RaveMillionsThe Passenger and Stella Maris tackle dazzlingly fresh ground and are a welcome advancement in McCarthy’s preoccupations ... A taut novel of ideas ... Read together, The Passenger and Stella Maris are a fascinating diptych, bringing light and depth to each other. The mysteries and coincidences are legion, and mirrored moments are plentiful ... The results are staggering.
RaveThe Millions... a breathtaking exploration of the nature of reality, love, God, consciousness, and knowledge. While their core concerns remain fully rooted in the overarching project of McCarthy’s oeuvre, The Passenger and Stella Maris tackle dazzlingly fresh ground and are a welcome advancement in McCarthy’s preoccupations ... McCarthy’s writing retains the tangible gristle of a field guide, full of the organic solidity and exacting diction that have helped solidify his reputation ... Despite his ruthless appraisal of our chances at clarity on this front, McCarthy’s writing pursues a sublime and majestic undercurrent weaving through the dark waves of chaos. There is genuine honor and hope to be found within our simultaneous resistance against and acceptance of the darkness. And so, McCarthy’s reckoning with theory is joined by intentional forays into the metaphysical, forging a discordant, necessary partnership set in the story of two doomed lovers. The results are staggering.
Olga Tokarczuk, Tr. Jennifer Croft
RaveThe Millions... [a] dark star epic ... released in English with Jennifer Croft‘s stunning translation ... a singular, anomalous work, a massive novel overwhelmingly researched and intricately plotted. Rife with paradoxes, the book is a fictional rendering of factual events centered around a controversial and fascinating figure named Jacob Frank who instigated a largely forgotten religious movement in the Polish-Lithuanian Commonwealth in the 18th century. Though it is an unabashed epic in scope—a book that luxuriates in detail—it is not a slog. In fact, it moves briskly, its tone often leaning toward satire but never sacrificing its humanity, tragic sensibilities, or deep sense of mystery ... Olga Tokarczuk has performed an incredible reversal: while the real-life Frank fabricated to conceal, Tokarczuk has invented to reveal. Through the use of fiction, Tokarczuk fleshes out what has been lost to history through a portrayal replete with beautiful period illustrations, the ghostly presence of a forgotten woman who cannot quite die, and a cacophonous ecosystem of characters. Especially moving are the closing portrayals of the characters that have been most used by Frank: Eva, his daughter and heir-apparent; Hayah, his cousin; and Nahman, his devoted apostle. To name just a few ... a sui generis work that presents a beautifully nuanced take upon belief ... provides narrative closure but few answers. Like Yente, we are left hovering in consideration over this beautiful and dizzying book that will almost certainly become a defining work of its generation.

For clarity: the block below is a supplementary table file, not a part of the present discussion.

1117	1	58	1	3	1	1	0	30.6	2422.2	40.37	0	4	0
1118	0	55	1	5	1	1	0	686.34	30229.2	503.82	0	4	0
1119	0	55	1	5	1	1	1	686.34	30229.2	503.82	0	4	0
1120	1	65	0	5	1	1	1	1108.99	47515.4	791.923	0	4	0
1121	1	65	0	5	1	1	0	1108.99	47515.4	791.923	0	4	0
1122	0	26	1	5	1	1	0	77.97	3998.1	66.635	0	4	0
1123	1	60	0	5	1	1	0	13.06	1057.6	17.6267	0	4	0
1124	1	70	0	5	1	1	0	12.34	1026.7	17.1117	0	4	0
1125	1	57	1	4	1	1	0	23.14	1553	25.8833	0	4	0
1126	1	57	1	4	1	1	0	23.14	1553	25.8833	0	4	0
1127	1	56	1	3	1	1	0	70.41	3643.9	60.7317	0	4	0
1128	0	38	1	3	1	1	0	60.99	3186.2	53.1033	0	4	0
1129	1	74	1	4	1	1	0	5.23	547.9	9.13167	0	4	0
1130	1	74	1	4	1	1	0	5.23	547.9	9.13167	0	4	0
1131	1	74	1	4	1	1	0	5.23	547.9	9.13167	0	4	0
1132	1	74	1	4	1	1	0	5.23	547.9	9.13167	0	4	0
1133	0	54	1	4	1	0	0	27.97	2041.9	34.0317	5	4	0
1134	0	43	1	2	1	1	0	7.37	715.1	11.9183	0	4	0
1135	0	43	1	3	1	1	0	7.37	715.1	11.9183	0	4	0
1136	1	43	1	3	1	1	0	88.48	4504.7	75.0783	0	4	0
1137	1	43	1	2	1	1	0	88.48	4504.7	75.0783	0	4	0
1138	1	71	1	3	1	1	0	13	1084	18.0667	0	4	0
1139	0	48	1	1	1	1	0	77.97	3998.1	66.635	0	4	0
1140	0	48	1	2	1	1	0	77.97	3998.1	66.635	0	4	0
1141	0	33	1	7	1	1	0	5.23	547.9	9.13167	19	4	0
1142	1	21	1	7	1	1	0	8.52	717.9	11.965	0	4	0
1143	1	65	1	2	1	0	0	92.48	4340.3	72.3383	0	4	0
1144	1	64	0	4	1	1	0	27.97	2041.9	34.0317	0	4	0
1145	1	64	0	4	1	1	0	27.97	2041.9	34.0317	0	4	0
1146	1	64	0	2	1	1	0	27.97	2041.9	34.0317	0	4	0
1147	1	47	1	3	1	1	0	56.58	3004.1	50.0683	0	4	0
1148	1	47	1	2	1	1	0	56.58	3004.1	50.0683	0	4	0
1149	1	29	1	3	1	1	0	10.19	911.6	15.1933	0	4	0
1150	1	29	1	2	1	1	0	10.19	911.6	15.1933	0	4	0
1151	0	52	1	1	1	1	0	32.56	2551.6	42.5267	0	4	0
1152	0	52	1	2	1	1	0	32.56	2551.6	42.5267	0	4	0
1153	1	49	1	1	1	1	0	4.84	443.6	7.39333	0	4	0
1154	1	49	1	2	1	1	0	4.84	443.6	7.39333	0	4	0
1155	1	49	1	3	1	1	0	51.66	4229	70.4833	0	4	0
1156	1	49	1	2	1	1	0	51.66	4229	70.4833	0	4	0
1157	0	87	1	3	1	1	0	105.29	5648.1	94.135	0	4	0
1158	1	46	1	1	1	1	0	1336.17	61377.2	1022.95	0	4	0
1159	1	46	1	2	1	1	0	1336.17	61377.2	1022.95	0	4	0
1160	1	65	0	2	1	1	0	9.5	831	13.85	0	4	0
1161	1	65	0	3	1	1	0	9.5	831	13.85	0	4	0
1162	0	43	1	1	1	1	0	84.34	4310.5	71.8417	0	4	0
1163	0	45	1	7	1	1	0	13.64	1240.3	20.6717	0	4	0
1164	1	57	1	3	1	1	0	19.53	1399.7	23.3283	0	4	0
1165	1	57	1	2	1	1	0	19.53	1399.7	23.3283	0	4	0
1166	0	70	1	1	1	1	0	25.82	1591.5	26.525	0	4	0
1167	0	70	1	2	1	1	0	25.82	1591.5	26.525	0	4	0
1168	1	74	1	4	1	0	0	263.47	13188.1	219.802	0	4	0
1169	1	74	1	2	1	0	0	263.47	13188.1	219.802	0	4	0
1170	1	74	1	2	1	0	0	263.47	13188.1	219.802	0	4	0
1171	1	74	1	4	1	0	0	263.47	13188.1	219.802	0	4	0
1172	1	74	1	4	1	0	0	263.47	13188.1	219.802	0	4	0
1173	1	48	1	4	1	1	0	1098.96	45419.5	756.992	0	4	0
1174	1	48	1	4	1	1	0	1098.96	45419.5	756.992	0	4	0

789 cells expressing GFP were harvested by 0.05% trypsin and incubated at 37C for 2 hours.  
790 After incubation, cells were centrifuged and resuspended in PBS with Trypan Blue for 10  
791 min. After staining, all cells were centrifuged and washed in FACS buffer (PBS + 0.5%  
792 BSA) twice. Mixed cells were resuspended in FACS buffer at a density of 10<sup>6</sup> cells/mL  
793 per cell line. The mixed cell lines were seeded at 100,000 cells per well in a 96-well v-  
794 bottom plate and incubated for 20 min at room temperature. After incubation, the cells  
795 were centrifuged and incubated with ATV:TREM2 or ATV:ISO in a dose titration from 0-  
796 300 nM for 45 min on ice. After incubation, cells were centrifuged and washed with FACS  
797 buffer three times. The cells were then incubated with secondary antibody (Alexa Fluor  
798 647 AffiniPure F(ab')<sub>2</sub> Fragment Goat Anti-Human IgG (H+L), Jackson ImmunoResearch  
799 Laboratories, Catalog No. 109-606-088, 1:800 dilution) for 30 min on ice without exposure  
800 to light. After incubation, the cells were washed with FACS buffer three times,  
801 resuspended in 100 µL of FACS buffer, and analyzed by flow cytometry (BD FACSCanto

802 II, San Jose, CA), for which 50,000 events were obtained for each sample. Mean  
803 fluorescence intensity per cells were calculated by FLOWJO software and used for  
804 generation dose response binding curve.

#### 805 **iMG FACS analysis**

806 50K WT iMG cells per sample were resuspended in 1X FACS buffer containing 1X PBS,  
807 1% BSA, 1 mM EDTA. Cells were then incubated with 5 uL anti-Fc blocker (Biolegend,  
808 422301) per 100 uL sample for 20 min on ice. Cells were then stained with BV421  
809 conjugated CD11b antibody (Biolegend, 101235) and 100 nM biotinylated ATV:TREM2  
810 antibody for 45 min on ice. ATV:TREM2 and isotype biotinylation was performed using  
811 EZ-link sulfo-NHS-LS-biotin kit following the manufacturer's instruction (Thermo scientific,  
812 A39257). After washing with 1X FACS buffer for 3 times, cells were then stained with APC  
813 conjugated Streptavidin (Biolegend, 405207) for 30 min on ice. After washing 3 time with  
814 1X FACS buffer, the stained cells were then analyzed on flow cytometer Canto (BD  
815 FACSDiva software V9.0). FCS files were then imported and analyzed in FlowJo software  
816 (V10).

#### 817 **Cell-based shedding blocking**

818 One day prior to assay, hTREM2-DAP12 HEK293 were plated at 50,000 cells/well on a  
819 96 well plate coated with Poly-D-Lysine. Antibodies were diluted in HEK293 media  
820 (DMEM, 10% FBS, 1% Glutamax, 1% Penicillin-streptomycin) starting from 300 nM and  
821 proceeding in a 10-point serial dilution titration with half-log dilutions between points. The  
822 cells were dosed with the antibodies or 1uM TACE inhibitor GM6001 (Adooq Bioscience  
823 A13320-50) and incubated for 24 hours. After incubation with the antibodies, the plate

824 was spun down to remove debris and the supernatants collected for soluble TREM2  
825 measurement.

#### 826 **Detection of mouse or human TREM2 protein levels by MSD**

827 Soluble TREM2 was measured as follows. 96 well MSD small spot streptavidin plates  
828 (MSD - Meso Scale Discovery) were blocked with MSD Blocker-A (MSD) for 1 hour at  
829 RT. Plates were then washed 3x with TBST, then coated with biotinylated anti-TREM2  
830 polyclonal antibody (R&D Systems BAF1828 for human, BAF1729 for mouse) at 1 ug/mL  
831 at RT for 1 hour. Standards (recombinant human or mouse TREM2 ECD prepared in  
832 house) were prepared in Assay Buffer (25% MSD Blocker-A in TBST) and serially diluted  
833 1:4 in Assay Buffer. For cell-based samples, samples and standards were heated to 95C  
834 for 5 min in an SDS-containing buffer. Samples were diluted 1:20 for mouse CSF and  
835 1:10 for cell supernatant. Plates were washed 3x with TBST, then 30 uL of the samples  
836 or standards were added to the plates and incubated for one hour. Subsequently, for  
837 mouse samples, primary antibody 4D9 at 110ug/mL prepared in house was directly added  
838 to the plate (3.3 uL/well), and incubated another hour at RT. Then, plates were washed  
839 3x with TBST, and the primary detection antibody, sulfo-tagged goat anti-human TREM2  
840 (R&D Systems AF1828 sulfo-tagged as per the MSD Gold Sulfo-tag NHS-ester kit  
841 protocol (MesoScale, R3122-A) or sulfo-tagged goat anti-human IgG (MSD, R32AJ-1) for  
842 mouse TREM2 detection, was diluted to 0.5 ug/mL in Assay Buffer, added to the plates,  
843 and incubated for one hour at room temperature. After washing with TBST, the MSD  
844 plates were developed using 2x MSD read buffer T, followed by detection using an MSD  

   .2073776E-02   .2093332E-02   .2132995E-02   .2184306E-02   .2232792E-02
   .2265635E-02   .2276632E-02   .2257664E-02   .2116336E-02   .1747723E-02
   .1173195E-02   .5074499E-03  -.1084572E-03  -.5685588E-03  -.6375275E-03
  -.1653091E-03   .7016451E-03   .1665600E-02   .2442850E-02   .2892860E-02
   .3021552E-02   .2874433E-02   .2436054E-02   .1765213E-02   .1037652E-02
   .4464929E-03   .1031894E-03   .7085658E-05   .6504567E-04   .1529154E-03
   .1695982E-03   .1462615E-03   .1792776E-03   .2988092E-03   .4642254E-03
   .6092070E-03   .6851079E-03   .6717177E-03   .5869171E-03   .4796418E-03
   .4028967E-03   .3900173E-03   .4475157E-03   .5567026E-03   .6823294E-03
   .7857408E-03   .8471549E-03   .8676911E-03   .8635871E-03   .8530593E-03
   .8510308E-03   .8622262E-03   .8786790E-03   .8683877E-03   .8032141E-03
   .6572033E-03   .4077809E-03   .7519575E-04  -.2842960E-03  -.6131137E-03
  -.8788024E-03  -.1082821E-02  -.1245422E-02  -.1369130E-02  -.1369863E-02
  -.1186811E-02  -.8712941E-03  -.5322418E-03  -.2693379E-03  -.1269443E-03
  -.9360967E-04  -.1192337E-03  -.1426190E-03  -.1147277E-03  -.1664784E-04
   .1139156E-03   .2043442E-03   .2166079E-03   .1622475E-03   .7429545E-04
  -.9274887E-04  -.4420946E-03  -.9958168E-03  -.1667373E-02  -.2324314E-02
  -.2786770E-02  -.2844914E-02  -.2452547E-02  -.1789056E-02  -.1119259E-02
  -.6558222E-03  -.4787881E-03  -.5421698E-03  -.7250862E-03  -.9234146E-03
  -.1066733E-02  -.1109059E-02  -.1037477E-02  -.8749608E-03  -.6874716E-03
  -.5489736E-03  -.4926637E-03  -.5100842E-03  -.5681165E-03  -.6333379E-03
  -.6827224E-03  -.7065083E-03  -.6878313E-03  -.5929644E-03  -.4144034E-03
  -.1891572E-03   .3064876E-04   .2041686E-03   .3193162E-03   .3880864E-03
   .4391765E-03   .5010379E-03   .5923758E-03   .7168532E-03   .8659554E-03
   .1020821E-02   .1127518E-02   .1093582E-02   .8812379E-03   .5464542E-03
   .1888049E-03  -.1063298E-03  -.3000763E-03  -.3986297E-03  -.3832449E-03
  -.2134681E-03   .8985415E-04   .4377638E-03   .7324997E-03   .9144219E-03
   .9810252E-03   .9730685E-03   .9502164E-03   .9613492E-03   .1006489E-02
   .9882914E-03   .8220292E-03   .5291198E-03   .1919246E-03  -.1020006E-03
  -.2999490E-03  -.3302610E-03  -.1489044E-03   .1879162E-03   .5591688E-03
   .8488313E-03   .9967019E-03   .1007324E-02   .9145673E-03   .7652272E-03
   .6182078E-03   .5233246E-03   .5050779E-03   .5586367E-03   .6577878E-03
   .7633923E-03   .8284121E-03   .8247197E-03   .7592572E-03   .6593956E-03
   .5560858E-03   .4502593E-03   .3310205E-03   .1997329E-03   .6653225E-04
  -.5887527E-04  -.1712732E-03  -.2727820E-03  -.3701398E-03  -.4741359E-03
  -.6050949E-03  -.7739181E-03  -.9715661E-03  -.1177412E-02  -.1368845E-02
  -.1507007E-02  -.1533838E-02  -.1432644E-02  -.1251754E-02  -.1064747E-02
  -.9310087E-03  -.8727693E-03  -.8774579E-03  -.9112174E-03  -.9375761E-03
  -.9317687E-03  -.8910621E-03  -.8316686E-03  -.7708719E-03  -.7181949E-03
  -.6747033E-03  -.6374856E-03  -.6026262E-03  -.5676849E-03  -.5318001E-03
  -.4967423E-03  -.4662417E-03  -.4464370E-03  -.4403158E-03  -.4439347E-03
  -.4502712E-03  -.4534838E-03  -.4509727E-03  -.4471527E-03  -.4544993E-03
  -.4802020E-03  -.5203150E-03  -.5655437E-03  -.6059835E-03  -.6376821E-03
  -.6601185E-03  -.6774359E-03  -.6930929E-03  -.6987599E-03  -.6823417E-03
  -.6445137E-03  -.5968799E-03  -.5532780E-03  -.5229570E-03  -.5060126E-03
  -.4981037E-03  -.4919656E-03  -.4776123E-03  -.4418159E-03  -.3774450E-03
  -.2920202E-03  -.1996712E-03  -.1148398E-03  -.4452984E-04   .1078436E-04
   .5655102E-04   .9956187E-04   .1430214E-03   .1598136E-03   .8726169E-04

RaveThe MillionsShaky Town is a tough and beautiful mural of a novel constructed though interwoven short stories that explore the streets of East Los Angeles in the 1980s. Eschewing even the faintest strain of stereotypical L.A. glam, Shaky Town is populated with chain link fences instead of pools, pollution instead of seashores, and the \'watercolor sadness of smog,\' as an art professor tells his students ... With Shaky Town, Lou Mathews has constructed a prismatic singularity replete with elegant and empathetic renderings of people forced to weigh difficult choices. The stories gleam, despite their sadness, with the glow of every person’s potential to rise above the wreckage that surrounds them or, if nothing else, to go down swinging for what they know, beyond all else, is true.
Laszlo Krasznahorkai, Trans. by Ottilie Mulzet
RaveThe Millions... superb ... a manic Greek chorus that infuses festive Technicolor into his multifaceted, bleak vision. It is Krasznahorkai’s funniest and most profound book and, quite possibly, also his most accessible. Krasznahorkai has hinted that this may be his final novel and, if that’s the case, then it is a tremendous sendoff to one of our most talented writers ... Krasznahorkai is an uncommonly generous writer. Even as he teases, maligns, and undermines his characters, he remains empathetic to their plights and blind spots, for he knows that even the most evil deeds are conjured by brokenness ... sections flow easily as Krasznahorkai’s meandering prose swaps points of view at each paragraph break, allowing his characters’ opinions to mesh and conflict. Incredible distance is covered in an oddly intimate, if disorienting, way. While this tactic can make a new reader initially seasick, the reader who sticks with it finds the going easier and the rewards many. The emotional and psychological realizations Krasznahorkai can evoke are singular and breathtaking ... As the world seeks to reduce and streamline communication, and as our attention spans are attenuated by our thirst for digital-world dopamine-hits, Baron Wenckheim’s Homecoming presents a powerful rebuttal to our infatuation with easy, saccharine anger ... precisely the novel we need in these difficult, foreboding times.